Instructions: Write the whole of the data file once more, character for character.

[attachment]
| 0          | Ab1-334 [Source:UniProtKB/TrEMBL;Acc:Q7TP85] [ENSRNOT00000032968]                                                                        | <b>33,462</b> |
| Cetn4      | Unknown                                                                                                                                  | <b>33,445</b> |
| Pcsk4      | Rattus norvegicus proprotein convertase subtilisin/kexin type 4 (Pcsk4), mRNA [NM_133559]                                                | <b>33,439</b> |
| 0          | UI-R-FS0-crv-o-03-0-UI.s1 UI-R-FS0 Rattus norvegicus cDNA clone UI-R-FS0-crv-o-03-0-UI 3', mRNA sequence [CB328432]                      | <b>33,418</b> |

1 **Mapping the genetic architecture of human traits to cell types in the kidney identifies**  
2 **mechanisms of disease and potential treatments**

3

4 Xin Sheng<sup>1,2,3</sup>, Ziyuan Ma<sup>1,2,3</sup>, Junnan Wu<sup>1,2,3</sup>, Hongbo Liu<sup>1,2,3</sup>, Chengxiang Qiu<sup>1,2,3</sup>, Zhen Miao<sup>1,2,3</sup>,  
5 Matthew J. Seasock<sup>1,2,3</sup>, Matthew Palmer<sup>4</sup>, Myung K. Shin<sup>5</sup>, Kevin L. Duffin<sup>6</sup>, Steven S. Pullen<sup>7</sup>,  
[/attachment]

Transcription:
| 0          | Ab1-334 [Source:UniProtKB/TrEMBL;Acc:Q7TP85] [ENSRNOT00000032968]                                                                        | <b>33,462</b> |
| Cetn4      | Unknown                                                                                                                                  | <b>33,445</b> |
| Pcsk4      | Rattus norvegicus proprotein convertase subtilisin/kexin type 4 (Pcsk4), mRNA [NM_133559]                                                | <b>33,439</b> |
| 0          | UI-R-FS0-crv-o-03-0-UI.s1 UI-R-FS0 Rattus norvegicus cDNA clone UI-R-FS0-crv-o-03-0-UI 3', mRNA sequence [CB328432]                      | <b>33,418</b> |

1 **Mapping the genetic architecture of human traits to cell types in the kidney identifies**  
2 **mechanisms of disease and potential treatments**

3

4 Xin Sheng<sup>1,2,3</sup>, Ziyuan Ma<sup>1,2,3</sup>, Junnan Wu<sup>1,2,3</sup>, Hongbo Liu<sup>1,2,3</sup>, Chengxiang Qiu<sup>1,2,3</sup>, Zhen Miao<sup>1,2,3</sup>,  
5 Matthew J. Seasock<sup>1,2,3</sup>, Matthew Palmer<sup>4</sup>, Myung K. Shin<sup>5</sup>, Kevin L. Duffin<sup>6</sup>, Steven S. Pullen<sup>7</sup>,  